Abstract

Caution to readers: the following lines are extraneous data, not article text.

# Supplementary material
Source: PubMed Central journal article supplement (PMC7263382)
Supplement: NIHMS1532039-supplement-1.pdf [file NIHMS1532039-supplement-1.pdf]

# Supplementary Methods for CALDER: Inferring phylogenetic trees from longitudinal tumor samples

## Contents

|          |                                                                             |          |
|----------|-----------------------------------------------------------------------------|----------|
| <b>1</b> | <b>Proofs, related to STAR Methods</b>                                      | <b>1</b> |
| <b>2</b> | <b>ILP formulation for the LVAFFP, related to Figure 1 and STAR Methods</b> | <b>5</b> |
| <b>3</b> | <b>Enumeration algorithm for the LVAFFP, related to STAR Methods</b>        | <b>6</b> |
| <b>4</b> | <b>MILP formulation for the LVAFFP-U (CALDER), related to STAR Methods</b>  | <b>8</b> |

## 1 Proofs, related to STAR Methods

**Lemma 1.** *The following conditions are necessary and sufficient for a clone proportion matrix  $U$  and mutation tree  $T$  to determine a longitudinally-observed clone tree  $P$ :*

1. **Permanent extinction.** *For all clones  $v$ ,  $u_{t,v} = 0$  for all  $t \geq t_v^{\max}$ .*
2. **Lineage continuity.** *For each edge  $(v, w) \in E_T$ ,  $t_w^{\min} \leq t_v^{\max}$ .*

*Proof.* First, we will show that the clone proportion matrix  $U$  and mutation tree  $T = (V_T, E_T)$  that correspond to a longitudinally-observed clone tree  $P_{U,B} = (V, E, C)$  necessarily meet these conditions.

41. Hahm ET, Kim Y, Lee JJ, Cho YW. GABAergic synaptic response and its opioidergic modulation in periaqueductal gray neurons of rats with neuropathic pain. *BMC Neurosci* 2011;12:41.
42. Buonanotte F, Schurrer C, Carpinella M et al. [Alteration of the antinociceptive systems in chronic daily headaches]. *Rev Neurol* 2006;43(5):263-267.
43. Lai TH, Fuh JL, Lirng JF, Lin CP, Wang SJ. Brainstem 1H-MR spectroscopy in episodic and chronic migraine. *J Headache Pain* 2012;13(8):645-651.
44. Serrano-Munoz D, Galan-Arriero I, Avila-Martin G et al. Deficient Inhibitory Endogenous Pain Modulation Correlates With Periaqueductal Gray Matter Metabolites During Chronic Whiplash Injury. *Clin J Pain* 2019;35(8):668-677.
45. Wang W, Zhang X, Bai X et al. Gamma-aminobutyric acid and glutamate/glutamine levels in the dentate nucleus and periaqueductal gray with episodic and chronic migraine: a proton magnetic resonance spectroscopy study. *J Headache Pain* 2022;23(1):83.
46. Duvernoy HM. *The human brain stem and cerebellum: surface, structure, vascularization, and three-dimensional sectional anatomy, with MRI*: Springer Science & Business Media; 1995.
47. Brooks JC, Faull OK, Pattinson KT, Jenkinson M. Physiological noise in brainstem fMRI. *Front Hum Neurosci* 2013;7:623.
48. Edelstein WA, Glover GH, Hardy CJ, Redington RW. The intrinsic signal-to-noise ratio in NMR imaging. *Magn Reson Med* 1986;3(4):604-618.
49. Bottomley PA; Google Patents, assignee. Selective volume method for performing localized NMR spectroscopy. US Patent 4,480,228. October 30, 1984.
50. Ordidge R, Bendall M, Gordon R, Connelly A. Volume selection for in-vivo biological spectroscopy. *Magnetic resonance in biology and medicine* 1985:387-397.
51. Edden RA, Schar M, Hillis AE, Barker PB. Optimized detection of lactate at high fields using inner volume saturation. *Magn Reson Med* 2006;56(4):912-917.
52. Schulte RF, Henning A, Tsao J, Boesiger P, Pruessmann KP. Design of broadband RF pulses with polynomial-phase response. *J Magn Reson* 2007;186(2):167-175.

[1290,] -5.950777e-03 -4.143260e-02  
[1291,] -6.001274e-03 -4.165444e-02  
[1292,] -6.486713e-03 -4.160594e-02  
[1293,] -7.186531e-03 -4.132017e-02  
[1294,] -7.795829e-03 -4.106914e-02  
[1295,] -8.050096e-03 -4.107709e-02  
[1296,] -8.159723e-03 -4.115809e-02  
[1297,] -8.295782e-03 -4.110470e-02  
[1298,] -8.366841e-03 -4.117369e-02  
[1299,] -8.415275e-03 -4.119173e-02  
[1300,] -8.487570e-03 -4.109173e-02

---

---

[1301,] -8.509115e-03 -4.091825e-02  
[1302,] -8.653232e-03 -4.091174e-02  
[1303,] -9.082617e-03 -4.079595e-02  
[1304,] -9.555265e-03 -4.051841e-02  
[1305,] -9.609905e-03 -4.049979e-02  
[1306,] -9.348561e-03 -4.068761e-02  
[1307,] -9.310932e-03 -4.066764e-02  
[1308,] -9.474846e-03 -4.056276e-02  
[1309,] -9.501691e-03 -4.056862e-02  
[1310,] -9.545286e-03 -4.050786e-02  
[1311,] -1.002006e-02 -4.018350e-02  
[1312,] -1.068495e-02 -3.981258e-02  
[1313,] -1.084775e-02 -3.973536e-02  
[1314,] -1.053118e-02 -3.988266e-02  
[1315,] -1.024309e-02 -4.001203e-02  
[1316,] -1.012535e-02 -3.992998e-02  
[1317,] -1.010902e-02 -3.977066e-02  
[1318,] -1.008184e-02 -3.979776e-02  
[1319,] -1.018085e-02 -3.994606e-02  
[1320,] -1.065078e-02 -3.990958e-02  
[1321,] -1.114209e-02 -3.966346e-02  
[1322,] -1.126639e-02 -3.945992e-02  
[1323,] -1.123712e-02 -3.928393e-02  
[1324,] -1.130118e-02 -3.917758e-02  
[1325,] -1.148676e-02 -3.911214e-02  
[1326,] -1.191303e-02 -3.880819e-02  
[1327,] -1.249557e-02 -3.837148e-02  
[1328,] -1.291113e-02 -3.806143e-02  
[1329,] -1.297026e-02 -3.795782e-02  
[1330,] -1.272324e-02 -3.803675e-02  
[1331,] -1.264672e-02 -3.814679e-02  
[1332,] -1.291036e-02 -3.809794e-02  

It is concluded that the sedimentary structure ‘stromatactis’ is a calcite cement-fill of a swarm of labyrinthine cavities developed in marine carbonate muds of Palaeozoic bioherms, commonly with geopetal sediment. Field and petrographic evidence is examined from the Ordovician of Dalarna, Sweden, the Devonian of the Canning Basin, Australia, and of Belgium and the Carboniferous of Lancashire, U.K. In all four occurrences the host microspar encloses masses of radiaxial fibrous calcite with sub-horizontal floors. Following other workers, radiaxial fibrous calcite is regarded as an altered marine cement, a conclusion supported by the presence of overlying geopetal sediments with marine fossils, widespread evidence of early submarine cementation in Palaeozoic mud mounds, isotopic analyses, and the presence of microdolomites. The stromatactis masses are separated from each other by laminae of host biomicrospar, which show discontinuities resembling fractures which are healed with the early marine cement, or filled with marine internal sediments. The fractures are therefore of submarine origin. The evidence points to episodic submarine lithification of the carbonate muds, yielding successive crusts between which cavities were eroded and then filled. The crusts were broken and rotated during bioturbation, differential compaction or shearing during burial.

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